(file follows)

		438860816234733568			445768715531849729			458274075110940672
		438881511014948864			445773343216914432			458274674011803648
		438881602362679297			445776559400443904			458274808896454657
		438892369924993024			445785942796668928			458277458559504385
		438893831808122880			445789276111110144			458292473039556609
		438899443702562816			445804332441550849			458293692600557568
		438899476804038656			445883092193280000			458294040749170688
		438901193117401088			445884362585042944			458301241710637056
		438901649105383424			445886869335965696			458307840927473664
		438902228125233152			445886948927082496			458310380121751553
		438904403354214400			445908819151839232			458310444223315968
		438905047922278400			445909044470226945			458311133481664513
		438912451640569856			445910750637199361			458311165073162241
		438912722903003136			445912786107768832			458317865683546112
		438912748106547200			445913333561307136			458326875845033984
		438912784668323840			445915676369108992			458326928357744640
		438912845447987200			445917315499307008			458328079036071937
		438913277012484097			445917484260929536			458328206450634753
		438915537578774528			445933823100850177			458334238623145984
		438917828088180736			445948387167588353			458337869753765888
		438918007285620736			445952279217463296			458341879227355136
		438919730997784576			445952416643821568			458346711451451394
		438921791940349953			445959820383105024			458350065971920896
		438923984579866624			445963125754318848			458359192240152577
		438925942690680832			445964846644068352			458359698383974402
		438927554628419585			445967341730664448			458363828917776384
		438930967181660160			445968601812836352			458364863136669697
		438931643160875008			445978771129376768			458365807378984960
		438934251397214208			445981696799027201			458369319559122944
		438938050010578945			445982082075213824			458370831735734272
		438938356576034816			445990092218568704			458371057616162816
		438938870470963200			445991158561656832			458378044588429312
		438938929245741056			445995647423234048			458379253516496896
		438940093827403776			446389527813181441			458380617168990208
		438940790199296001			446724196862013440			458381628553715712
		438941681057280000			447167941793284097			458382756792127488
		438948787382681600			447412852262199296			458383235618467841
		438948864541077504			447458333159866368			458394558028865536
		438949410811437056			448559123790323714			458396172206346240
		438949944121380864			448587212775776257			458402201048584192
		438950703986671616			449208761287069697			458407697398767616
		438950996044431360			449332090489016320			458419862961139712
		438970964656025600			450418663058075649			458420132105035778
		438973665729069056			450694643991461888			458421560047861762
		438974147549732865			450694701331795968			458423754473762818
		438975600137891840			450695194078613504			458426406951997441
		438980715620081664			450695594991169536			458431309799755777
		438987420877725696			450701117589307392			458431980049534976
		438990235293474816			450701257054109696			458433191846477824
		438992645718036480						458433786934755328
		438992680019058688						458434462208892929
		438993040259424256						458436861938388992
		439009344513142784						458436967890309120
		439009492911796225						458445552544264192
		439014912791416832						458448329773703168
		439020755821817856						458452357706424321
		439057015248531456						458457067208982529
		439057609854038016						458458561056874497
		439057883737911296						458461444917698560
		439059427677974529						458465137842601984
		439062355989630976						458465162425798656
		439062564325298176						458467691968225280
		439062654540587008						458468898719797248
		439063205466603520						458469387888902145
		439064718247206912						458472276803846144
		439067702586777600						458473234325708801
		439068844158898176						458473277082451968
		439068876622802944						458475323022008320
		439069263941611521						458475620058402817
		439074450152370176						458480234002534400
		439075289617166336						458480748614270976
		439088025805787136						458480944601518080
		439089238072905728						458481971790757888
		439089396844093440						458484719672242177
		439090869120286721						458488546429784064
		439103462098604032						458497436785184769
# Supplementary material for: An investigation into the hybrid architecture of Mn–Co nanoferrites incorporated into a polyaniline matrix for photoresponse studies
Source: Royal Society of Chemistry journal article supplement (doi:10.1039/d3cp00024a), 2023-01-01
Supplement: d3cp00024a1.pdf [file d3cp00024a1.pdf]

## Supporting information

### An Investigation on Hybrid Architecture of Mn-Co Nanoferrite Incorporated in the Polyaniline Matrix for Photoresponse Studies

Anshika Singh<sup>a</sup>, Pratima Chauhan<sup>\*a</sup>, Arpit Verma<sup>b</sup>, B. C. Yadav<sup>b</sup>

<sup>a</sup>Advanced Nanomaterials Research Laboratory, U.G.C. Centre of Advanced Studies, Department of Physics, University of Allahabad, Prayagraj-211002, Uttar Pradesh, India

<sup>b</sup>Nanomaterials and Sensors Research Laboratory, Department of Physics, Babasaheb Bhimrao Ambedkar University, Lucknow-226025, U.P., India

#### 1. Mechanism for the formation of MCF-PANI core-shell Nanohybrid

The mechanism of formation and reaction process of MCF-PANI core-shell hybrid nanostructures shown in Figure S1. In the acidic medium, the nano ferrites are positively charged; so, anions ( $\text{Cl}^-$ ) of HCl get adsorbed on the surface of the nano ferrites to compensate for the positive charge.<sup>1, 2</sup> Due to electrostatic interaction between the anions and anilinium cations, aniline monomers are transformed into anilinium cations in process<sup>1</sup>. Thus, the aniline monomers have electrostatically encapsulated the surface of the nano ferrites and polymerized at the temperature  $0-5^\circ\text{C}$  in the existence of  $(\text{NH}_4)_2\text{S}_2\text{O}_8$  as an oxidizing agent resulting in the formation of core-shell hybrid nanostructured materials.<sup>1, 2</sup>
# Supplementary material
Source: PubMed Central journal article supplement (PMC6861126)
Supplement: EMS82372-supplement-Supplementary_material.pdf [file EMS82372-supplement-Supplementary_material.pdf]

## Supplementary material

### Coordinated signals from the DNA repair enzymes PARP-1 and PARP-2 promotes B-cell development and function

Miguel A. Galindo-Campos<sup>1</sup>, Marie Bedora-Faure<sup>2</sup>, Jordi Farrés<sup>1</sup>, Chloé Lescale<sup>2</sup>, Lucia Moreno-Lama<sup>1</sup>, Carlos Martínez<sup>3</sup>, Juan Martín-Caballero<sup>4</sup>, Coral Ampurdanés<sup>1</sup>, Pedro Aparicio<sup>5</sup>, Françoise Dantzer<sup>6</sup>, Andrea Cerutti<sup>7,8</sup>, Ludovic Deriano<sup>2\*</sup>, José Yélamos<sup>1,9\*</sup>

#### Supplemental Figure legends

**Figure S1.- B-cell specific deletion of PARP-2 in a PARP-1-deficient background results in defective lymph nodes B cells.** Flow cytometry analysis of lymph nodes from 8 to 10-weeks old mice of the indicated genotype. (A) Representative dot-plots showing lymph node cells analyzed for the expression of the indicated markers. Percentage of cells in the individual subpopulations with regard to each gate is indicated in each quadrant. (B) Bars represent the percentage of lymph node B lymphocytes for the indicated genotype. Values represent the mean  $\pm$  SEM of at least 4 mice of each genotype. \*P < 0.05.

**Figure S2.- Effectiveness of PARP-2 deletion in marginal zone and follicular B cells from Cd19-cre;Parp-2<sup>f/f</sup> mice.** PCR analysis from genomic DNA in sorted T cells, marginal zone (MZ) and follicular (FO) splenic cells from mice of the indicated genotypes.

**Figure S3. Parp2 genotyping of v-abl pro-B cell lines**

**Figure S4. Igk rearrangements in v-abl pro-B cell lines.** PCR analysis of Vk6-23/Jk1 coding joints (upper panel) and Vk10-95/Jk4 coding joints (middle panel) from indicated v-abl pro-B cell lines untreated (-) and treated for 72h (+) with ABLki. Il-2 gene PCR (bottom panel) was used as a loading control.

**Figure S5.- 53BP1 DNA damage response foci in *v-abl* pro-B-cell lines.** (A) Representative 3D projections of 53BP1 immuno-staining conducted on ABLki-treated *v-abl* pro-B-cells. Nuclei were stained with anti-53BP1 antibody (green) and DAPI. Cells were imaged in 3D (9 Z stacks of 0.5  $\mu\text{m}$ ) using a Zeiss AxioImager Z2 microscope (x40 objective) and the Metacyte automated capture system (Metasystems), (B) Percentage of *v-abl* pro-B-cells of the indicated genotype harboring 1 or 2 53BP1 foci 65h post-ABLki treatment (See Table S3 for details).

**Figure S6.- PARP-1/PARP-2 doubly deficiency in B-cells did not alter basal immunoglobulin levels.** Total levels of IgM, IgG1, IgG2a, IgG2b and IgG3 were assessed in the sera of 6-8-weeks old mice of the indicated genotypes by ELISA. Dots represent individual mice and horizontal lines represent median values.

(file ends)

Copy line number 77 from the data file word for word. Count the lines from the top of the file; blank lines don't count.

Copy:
# Supplementary material for: An investigation into the hybrid architecture of Mn–Co nanoferrites incorporated into a polyaniline matrix for photoresponse studies